Almost 90% of OCAs are derived from the ovarian surface epithelium (OSE). However, the biology of epithelial cancer initiation remains unknown. As reported above, PTTG1 is found to be overexpressed in most of the ovarian tumors analyzed to date and the PTTG1 promoter is specifically activated in tumor cells, including OSE tumor cells. To evaluate the oncogenic function of PTTG1 and its ability to transform OSE cells, we generated transgenic animals that express PTTG1 in OSE cells under the control of the MISIIR gene promoter [6]. We generated an F1 population by breeding the male F0 founders with wild type females. Analysis of the male transgenic animals revealed urinary tract obstruction secondary to prostate hyperplasia (enlarged prostate) at 8 to 10 months of age. The urinary bladder was enlarged with wall thickening, increased in visualization, and filled with urine containing white deposits [6]. The seminal vesicles and epididymis in some of the transgenic males were enlarged. Preliminary observation of the seminal vesicles showed signs of hyperplasia or adenoma.

Analysis of female transgenic mice showed expression of transgene in OSE cells. The transgenic females (8 to 10 months old) had enlarged and abnormal ovaries (Fig. 6). Instead of developing oocytes in various cycles, they all seem to be at the corpora luteal stage. In addition, the ovaries appeared to be enlarged with an increased number of corpora luteum. Only rare primary follicles were noted compared to age-matched, non-transgenic mice, in which the ovaries showed follicles at various stages of development. The fallopian tube glandular structure demonstrated less complexicity compared to normal and the fallopian tubes of the transgenic mice no longer showed vasculation (Fig. 7). The endometrium of transgenic mice showed various abnormalities including cystic dilation of the uterine cavity as well as increased complexicity of the endometrial glands with increased secretion as compared to non-transgenic mice. There appeared to be no evidence of a previous cycle, such as scaring, hemosiderin-laden macrophages, or stromal histocytes. The increase in the number of corpora luteum in transgenic mice could be due to increases in LH leading to increases in ovulation.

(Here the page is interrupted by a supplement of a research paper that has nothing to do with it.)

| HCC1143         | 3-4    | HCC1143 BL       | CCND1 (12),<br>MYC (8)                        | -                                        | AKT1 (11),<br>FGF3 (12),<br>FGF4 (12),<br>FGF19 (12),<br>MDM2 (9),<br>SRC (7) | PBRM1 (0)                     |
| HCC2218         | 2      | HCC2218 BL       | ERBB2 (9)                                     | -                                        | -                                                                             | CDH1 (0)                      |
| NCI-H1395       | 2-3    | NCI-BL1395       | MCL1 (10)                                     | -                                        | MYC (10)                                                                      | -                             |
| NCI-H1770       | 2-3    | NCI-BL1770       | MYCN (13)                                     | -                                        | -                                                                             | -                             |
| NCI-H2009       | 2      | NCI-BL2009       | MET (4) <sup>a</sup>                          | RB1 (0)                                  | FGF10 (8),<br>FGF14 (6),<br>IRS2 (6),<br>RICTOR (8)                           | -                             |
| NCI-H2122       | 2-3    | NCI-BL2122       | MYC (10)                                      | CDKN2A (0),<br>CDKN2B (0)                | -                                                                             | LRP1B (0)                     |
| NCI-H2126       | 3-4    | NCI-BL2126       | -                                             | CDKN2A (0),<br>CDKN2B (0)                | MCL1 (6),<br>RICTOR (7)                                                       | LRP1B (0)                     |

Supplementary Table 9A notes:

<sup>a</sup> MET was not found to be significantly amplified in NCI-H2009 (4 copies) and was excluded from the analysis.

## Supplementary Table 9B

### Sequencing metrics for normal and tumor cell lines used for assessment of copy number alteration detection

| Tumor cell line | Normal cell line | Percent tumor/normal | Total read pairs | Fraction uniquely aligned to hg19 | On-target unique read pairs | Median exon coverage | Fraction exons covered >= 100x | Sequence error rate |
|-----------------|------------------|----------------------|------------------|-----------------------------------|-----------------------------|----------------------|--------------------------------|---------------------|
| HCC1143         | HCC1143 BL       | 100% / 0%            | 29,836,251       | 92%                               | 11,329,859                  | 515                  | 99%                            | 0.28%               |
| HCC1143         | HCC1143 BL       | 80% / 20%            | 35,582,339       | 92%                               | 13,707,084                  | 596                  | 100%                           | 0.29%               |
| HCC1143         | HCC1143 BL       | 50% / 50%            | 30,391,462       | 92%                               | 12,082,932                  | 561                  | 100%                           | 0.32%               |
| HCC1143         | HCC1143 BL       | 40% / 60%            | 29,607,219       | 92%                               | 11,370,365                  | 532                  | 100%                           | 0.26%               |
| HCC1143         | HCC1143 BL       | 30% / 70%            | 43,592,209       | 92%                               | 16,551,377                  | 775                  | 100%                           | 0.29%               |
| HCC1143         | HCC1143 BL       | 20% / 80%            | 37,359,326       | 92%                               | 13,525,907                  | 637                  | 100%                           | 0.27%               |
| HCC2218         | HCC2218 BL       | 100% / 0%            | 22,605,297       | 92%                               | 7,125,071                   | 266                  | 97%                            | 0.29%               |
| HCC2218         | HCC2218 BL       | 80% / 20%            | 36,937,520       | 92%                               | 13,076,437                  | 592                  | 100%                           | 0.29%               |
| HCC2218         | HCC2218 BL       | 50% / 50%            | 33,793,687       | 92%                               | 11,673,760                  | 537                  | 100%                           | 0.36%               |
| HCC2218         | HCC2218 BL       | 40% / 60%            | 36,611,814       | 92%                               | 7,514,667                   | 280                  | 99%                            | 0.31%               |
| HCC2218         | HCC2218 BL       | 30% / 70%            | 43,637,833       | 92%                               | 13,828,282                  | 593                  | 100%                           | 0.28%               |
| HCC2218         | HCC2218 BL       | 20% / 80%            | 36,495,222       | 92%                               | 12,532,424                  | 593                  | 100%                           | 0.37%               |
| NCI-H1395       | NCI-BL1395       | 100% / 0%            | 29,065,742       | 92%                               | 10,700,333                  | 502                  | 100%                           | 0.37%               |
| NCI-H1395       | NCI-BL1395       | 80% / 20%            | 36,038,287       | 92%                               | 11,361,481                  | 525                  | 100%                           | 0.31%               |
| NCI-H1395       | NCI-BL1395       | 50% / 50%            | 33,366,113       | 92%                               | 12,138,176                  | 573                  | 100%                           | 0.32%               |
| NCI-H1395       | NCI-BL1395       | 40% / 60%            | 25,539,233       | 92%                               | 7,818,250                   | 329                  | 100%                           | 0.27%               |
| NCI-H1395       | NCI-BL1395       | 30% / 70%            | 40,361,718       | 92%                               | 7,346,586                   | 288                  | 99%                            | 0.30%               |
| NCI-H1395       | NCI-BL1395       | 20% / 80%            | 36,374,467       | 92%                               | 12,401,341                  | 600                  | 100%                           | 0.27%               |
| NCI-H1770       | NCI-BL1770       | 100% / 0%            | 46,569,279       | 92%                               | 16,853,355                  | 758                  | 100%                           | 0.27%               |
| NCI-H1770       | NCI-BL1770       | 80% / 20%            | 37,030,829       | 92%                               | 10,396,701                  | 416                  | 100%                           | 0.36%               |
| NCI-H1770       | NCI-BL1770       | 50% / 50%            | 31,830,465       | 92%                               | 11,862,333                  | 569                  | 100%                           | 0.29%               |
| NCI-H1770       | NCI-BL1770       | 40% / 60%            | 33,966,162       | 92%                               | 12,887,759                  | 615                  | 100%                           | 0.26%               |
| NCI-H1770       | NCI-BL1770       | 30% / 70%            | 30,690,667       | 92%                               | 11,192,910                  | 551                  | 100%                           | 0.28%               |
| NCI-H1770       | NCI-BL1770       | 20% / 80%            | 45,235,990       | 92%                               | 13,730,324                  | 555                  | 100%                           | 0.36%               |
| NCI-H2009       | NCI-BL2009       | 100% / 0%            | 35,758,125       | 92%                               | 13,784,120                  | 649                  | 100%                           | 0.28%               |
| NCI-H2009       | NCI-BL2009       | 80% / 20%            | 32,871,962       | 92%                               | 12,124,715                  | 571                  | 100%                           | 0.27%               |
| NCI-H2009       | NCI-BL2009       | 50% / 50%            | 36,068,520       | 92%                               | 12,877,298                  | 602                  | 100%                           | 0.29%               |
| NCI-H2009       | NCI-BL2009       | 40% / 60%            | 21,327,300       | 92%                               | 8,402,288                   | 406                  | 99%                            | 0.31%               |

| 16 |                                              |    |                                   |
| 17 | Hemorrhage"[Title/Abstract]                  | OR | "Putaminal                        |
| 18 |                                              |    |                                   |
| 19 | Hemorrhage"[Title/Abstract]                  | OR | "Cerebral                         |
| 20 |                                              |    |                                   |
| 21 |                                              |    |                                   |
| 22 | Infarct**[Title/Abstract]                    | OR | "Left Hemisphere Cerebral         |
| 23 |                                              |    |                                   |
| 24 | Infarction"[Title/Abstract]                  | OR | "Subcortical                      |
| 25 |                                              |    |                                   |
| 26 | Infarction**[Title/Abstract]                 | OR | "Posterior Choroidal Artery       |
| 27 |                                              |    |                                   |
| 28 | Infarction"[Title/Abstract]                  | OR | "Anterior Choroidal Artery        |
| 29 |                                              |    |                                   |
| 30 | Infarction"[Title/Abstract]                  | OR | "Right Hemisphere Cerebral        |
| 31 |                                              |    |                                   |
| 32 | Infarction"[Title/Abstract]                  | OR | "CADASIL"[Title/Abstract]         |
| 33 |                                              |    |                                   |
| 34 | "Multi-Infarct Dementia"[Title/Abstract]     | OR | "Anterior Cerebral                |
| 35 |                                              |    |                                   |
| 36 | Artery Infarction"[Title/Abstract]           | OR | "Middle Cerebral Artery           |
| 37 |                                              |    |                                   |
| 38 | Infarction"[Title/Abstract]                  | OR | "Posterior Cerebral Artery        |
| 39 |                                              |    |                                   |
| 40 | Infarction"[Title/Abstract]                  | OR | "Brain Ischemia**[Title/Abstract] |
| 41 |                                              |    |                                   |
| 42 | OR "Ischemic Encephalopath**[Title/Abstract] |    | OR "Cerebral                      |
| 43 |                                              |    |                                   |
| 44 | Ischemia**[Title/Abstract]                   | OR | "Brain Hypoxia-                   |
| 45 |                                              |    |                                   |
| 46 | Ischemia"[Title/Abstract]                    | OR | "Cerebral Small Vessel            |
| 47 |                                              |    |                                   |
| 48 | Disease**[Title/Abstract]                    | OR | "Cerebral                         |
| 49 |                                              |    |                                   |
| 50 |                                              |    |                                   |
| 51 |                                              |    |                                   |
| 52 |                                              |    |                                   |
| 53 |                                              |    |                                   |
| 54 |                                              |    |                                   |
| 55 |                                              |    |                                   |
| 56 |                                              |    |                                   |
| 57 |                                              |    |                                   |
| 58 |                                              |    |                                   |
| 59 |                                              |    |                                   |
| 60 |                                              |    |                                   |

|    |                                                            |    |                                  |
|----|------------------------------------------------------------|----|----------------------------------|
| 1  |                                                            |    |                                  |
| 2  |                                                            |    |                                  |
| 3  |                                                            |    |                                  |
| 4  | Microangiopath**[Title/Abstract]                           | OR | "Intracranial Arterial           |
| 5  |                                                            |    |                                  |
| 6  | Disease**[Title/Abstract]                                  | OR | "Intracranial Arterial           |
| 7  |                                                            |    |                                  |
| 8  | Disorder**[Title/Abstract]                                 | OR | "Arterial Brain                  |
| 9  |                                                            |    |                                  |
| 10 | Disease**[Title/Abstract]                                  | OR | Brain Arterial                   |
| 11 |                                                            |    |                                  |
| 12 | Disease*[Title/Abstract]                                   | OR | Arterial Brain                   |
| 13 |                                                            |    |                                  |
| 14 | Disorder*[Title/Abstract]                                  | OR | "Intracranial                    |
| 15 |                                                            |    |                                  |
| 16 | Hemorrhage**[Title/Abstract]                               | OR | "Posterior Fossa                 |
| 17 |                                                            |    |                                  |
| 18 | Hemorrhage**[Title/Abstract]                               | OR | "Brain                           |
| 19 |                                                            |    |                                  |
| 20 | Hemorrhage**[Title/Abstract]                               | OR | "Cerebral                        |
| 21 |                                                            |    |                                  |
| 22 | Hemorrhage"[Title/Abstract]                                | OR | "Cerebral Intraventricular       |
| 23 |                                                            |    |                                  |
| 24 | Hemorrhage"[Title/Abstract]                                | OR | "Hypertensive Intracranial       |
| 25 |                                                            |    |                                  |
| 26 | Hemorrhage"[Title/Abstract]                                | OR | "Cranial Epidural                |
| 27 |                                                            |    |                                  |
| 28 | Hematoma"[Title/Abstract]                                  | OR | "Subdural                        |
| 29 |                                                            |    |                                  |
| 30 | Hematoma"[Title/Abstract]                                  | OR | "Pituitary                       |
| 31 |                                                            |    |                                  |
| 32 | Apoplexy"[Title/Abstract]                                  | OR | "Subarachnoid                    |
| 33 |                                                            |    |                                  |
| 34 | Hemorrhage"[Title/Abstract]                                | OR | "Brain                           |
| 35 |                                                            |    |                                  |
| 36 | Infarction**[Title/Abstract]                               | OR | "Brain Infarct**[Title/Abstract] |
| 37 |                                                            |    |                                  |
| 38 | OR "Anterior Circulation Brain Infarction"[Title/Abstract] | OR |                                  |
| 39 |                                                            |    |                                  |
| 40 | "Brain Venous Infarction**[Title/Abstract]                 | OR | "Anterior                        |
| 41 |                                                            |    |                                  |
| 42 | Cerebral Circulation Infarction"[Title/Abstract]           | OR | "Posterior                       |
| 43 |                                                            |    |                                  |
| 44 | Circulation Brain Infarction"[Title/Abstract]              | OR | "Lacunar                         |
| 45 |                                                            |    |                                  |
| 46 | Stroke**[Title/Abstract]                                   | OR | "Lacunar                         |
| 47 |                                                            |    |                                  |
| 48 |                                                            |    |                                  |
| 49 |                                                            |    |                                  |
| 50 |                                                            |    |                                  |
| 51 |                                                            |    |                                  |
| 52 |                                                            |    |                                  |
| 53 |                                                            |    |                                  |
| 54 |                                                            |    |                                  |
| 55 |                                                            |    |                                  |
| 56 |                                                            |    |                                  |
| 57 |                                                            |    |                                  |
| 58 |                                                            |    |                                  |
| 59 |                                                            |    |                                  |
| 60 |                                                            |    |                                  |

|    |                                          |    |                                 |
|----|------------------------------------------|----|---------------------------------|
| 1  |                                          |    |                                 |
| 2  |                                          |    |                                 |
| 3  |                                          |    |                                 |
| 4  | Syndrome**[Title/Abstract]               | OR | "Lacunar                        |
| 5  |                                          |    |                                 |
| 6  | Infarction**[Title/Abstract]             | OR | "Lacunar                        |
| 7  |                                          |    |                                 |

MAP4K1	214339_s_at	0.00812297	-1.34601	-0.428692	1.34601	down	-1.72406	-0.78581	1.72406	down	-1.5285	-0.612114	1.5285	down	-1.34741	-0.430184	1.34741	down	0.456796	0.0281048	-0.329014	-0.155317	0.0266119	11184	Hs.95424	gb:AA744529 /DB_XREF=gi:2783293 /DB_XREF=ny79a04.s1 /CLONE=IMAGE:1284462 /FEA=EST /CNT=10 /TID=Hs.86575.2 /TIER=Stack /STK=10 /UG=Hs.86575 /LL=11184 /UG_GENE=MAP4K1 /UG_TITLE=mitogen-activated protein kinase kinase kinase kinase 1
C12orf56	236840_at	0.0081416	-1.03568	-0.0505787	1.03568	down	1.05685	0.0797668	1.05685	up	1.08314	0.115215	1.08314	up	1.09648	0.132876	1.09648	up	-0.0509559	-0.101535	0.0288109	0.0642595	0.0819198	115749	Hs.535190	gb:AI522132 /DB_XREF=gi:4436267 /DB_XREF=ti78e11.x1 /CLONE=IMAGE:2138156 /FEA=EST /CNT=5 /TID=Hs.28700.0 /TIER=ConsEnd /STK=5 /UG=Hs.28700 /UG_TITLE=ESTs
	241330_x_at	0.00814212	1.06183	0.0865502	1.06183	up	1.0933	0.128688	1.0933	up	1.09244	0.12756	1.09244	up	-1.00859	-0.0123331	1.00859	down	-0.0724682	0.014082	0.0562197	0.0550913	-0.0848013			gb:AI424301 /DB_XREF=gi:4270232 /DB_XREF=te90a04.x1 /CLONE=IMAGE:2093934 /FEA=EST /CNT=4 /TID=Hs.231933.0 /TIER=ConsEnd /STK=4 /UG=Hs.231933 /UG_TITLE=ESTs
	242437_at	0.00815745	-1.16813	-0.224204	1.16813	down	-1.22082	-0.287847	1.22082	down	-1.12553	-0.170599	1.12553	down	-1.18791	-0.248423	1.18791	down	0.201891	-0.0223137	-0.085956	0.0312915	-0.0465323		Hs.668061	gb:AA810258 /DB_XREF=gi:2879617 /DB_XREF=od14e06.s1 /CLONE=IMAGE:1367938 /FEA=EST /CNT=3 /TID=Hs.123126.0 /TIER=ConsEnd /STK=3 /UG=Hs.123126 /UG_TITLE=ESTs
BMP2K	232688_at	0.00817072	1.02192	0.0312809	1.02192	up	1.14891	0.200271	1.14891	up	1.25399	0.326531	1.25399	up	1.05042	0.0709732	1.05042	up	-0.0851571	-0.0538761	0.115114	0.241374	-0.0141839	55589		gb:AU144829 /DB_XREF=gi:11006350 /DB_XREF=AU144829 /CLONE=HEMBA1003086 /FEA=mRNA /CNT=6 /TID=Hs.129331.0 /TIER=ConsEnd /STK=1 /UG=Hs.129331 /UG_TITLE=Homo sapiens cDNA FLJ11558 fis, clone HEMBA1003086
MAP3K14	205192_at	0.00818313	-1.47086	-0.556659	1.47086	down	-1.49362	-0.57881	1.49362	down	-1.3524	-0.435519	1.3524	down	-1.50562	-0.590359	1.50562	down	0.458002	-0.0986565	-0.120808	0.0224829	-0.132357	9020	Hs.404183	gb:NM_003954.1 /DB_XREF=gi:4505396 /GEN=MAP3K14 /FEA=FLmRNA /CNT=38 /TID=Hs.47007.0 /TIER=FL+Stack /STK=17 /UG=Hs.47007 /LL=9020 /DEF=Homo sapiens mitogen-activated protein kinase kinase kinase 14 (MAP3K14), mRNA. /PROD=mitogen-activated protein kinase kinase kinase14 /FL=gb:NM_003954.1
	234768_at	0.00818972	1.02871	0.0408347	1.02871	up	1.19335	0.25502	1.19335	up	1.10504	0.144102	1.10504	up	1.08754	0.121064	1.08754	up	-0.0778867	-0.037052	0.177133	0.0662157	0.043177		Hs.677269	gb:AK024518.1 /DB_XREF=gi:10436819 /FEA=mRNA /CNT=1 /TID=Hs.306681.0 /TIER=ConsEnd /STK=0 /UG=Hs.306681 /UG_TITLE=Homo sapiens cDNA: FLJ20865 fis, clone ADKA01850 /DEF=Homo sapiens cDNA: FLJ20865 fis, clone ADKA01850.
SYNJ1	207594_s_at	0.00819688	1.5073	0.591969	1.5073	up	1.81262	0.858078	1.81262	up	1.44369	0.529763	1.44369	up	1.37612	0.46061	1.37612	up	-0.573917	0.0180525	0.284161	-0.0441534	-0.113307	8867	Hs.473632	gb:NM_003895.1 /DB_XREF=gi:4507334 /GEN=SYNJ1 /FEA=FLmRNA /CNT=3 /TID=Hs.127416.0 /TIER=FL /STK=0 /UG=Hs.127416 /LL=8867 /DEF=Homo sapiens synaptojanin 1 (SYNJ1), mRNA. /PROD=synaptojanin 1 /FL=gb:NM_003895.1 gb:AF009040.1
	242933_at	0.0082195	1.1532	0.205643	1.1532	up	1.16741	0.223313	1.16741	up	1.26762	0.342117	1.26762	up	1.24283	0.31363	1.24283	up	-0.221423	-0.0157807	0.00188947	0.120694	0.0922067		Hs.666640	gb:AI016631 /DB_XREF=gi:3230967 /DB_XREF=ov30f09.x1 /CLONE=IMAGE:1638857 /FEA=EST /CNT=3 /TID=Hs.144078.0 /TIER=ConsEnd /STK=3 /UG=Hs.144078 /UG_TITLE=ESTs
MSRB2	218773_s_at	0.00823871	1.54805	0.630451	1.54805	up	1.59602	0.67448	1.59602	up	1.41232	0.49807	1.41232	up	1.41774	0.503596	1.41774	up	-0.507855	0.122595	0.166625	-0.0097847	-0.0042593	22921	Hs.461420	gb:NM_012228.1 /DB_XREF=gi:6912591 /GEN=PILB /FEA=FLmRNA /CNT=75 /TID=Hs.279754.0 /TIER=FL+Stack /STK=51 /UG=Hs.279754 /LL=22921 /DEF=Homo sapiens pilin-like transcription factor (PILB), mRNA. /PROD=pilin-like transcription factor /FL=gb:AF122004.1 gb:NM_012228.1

Figure 6

Histopathological analysis of the ovaries from transgenic and non-transgenic animals. Transgenic animals showed enlarged ovaries, and presence of large number of corpus lutea compared to non-transgenic animals. The size of the ovaries in μm2 from transgenic and non-transgenic animals was determined by measuring the length and width of histological sections at 4× magnification using Metmorph Software version 6.2. The figure was reproduced with permission from J Endocrinology (6).

Figure 7

Histological analysis of PTTG transgenic uterus. The uteri from transgenic mice (a and b) had large cysts and multiple small fluid-filled glandular cysts compared to non transgenic mice (e and f). Scar formation and hemosiderin laden granules (asterisk in f) were evident in wild-type but absent in transgenic uterus. Both wild-type and transgenic uteri were PCNA positive; PCNA staining in transgenic uteri of transgenic animals was much darker and homogeneous compared to non-transgenic animals, suggesting the presence of highly proliferative cells both in luminal and glandular epithelium. Negative control sections in which primary antibody were omitted did not display any PCNA staining (h). The figure was reproduced with permission from J Endocrinology [6].

Measurement of serum LH and testosterone using the EIA kit showed a significant change in the levels of LH and testosterone (Fig. 8) in two lines compared to wild-type animals, whereas no change in FSH levels were observed. Estrogen levels showed a 1.3-fold increase, but progesterone levels remained unchanged (data not shown). Although there appeared to be early signs of hyperplasia and neoplasia, however, none of the animals developed visible ovarian or endometrial tumors within 8- to 10-months of age, suggesting that PTTG1 overexpression is not sufficient to induce tumorigenesis in mice and requires a hormonal trigger or cooperation of other gene(s), such as the inactivation of p53, to initiate tumorigenesis in OSE cells.
Figure 8